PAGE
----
To some companies, the annual letter to shareholders is an art. Warren Buffet, for example, may write a 30-page letter that addresses a range of topics — some that have little relevance to the letter’s intended audience. However, as you prepare to release your annual letter to shareholders, the best approach for most companies is to keep it clear and concise. This letter is an important piece of communication with your investors, and it should clearly lay out your vision, goals, and milestones achieved. Here are six tips to make your letter as effective as possible.
The Westwicke Blog is designed to deliver information and insights into the ever-changing world of healthcare communications.
To execute a successful non-deal road show, you must put in the planning and work. It’s critical to pinpoint the right city and sponsoring analyst to make the most of your trip. However, that work and coordination is well worth it. By getting on the road and telling your story to the Street, you’ll experience many benefits. Here are what we consider the top 10 benefits of non-deal road shows.
As the year comes to a close, it’s time for management teams to start thinking about their 2019 investor relations strategies. How can you learn from your efforts in 2018 — and what needs to change for the year ahead? Should you shift the focus of your activities or hold steady on the path toward the goals you outlined for the past year?
Here, our team of IR experts at Westwicke provide their best advice for creating a top-notch investor relations plan that aligns with your company’s goals and priorities for the upcoming year.
The J.P. Morgan Healthcare Conference provides an insightful beginning to the year. Beyond offering an opportunity to meet with analysts, investors, and other professionals in the healthcare industry, it illuminates trends that you’re likely to see throughout the upcoming year.
As you look forward to the 2019 event in January, start thinking about the information you can glean from the sessions you’ll attend, meetings you’ll facilitate, and announcements you’ll hear over the course of the conference.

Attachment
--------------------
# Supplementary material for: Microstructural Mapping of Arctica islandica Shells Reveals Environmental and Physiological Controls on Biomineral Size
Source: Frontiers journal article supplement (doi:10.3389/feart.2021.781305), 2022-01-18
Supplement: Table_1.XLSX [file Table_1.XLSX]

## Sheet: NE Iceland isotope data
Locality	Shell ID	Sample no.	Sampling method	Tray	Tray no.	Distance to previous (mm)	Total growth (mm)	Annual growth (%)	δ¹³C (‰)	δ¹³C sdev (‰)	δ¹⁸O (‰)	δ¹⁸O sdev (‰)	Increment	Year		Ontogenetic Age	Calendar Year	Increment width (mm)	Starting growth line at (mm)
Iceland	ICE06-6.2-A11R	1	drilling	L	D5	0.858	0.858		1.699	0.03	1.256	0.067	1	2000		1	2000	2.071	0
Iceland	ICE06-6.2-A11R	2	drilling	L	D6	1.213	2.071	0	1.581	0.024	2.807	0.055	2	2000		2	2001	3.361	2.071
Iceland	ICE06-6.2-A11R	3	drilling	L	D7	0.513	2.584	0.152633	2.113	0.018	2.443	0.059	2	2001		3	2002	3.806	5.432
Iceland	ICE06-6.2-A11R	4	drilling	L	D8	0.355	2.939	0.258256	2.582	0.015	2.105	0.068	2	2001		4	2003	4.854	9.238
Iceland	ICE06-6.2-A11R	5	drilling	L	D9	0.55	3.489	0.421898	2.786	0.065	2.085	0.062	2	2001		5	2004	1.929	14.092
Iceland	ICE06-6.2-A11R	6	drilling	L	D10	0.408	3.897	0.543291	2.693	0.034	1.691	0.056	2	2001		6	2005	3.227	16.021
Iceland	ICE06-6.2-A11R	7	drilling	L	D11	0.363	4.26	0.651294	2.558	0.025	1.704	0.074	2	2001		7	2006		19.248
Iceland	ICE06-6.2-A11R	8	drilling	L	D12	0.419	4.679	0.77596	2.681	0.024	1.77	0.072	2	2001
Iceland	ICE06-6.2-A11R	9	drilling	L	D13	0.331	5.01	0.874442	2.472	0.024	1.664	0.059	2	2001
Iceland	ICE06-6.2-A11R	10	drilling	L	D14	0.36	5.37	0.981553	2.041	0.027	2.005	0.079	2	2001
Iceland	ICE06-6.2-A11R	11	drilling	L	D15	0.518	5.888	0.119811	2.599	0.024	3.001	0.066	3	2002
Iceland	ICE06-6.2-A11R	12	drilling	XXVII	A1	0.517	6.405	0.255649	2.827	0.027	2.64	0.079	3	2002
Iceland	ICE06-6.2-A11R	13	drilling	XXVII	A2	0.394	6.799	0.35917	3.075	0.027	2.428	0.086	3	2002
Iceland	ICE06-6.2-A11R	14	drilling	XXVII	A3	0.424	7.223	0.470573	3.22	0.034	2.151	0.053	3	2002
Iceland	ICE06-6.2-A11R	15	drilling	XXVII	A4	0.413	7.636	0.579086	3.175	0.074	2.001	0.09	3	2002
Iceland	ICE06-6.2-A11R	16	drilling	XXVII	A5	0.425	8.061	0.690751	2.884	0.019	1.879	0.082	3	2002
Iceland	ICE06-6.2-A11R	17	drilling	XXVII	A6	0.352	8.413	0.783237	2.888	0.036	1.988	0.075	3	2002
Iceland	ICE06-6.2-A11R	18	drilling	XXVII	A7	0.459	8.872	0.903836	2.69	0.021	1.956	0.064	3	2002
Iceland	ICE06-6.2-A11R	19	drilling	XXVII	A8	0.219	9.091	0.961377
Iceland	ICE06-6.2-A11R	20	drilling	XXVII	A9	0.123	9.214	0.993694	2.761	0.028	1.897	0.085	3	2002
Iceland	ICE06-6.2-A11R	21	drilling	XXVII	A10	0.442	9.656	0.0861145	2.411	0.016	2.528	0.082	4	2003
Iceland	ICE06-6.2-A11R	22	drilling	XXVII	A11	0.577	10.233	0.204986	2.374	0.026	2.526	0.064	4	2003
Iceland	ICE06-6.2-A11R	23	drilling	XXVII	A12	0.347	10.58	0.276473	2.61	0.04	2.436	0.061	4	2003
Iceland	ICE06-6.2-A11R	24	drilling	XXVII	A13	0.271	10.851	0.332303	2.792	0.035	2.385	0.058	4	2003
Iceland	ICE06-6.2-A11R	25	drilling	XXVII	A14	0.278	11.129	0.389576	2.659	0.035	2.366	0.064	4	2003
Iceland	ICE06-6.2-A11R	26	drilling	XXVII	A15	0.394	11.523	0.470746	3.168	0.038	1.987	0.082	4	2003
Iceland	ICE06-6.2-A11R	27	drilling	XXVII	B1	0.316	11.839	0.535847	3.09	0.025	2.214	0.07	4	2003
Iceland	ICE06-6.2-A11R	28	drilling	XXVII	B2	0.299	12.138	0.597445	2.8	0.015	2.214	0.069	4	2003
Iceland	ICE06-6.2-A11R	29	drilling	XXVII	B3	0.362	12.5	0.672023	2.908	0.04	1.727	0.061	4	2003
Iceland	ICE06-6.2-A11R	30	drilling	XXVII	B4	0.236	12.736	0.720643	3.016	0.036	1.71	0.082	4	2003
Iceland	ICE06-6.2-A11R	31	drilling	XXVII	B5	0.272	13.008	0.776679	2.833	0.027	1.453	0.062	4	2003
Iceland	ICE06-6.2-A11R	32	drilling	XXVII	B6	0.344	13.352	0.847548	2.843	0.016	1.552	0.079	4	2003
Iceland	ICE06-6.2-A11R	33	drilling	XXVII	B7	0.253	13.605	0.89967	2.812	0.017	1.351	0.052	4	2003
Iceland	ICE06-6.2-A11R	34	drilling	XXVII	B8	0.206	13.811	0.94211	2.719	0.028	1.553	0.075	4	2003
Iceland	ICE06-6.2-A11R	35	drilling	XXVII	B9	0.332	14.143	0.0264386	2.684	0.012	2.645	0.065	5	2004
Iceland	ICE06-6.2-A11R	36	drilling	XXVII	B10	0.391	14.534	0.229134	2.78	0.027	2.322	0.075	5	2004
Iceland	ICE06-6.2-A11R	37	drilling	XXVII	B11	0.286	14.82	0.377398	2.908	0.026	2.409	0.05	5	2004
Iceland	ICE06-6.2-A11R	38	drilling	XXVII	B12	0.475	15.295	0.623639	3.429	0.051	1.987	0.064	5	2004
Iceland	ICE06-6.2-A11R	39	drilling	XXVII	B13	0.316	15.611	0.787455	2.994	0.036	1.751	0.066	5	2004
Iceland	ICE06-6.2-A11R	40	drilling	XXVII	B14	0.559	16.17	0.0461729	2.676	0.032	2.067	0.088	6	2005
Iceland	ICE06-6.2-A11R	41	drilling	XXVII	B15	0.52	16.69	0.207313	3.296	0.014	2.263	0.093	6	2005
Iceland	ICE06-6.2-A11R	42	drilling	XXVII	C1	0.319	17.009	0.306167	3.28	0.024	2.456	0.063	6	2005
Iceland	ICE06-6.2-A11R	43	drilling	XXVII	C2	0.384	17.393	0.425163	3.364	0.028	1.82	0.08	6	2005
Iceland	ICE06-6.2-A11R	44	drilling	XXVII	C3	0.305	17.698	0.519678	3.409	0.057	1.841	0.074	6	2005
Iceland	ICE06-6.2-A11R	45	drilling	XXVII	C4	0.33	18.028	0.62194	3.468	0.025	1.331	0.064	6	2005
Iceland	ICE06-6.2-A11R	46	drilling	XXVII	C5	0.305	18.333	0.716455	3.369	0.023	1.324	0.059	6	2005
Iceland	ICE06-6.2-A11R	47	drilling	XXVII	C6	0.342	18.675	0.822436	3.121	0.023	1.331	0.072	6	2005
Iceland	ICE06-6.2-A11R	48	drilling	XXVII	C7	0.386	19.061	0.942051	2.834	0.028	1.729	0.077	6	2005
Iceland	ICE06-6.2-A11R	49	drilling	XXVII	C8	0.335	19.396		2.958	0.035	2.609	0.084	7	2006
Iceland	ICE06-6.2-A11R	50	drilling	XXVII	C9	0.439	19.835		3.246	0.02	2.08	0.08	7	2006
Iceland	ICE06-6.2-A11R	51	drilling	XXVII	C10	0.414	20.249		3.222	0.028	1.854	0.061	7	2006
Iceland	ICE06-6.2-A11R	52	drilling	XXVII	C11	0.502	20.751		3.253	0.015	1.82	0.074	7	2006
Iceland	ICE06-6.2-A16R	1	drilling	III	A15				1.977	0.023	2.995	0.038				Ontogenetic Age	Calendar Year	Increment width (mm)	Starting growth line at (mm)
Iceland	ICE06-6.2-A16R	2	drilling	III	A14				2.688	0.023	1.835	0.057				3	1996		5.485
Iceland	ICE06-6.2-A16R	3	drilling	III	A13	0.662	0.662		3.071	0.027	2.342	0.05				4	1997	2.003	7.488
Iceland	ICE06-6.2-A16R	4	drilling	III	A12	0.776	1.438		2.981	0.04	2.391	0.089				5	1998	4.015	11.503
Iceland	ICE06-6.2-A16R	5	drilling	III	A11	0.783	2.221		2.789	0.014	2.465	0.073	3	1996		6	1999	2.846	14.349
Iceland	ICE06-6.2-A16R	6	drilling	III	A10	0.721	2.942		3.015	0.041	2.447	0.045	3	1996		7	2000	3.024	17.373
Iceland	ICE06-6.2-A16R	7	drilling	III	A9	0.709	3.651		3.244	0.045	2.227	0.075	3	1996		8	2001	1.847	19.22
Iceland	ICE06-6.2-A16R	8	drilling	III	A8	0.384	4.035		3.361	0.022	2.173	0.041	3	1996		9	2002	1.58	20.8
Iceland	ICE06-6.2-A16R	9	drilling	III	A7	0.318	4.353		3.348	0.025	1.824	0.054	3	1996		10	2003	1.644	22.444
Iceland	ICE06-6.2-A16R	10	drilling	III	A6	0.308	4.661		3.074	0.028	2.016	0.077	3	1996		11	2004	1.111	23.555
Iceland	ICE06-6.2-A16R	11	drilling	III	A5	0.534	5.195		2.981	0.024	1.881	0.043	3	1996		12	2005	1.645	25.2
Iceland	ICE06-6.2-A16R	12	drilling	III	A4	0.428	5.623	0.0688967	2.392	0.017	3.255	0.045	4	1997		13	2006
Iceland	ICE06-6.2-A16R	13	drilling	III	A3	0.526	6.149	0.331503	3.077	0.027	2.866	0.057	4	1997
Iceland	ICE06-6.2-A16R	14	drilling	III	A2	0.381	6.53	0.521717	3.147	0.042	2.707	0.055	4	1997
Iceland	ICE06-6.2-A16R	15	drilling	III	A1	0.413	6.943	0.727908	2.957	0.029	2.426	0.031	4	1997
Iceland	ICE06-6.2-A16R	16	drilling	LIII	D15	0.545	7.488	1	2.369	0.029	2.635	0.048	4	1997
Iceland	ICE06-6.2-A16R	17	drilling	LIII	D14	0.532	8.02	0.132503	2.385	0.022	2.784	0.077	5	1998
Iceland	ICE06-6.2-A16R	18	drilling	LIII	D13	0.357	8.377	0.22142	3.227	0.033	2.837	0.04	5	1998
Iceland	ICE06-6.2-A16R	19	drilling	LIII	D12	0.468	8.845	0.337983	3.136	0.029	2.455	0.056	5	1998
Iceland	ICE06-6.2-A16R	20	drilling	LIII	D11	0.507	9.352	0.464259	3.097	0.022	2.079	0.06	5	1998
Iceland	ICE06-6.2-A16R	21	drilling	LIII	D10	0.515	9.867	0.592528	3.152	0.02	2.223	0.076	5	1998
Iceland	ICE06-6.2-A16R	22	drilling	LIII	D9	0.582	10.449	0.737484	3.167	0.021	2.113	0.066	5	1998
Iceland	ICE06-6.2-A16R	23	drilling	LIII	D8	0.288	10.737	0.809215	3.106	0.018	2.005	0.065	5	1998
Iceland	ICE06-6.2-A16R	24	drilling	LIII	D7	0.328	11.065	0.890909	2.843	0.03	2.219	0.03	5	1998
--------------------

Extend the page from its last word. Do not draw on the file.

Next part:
Some management teams assume — incorrectly — that they can play it safe by withholding financial guidance, believing they can’t miss estimates they don’t provide. To the contrary, companies may inadvertently limit their Street credibility by opting out of earnings forecasts and, at the same time, miss an opportunity to manage investor expectations.
Investors judge financial results against analysts’ consensus estimates even if a company doesn’t provide projection, so it makes sense for leadership to set expectations themselves and provide some guardrails. Perhaps more importantly, formal guidance signals management’s confidence in the company’s growth and stability.
Wall Street analysts can play a key role in a company’s investor relations plan, so executives should approach these relationships carefully. Properly handled analyst relationships can become a significant asset to a company, while missteps may create unnecessary problems — especially considering that analysts may share anything you say with the public markets.
For companies that want to remain attractive to the investment community, the rise of environmental, social and corporate governance (ESG) investing is an important trend to monitor. In 2018, Morningstar Research estimated that the total assets managed in portfolios that incorporate elements of ESG investing has grown by more than 600 percent over the last decade to $23 trillion worldwide.
An acquisition carries the promise of growth and change, and a fair amount of risk, for any company. As a buyer, you may be seeking to broaden your service offerings or geographic footprint, add a new technology, transform the company by expanding into a new healthcare segment, or become a bigger player in a consolidating market.
The prospect of change can be exciting and energizing. At the same time, the process — from shopping to deal integration — is complex and requires skillful planning and management.
You have successfully completed your public offering, laid out a solid investor relations strategy, and successfully managed through your first year as a public company. As you enter your second year and once again map out your investor relations and communication strategy, it is important to make sure that plan evolves with you.
While many of the same components of the strategy should remain – a comprehensive buy-side targeting approach, conference and NDRS plans, etc. – there are a number of changes that you must begin to implement to ensure the strategy adapts to your company’s current circumstances.
“Fear grows in darkness; if you think there’s a bogeyman around, turn on the light.”
The late journalist Dorothy Thompson may not have directed these words at corporate management, but the sentiment applies all the same.
Turning on the light and finding out how others really see your business can be a scary prospect. Staying in the dark and not knowing, however, can be costly for companies reliant on capital markets.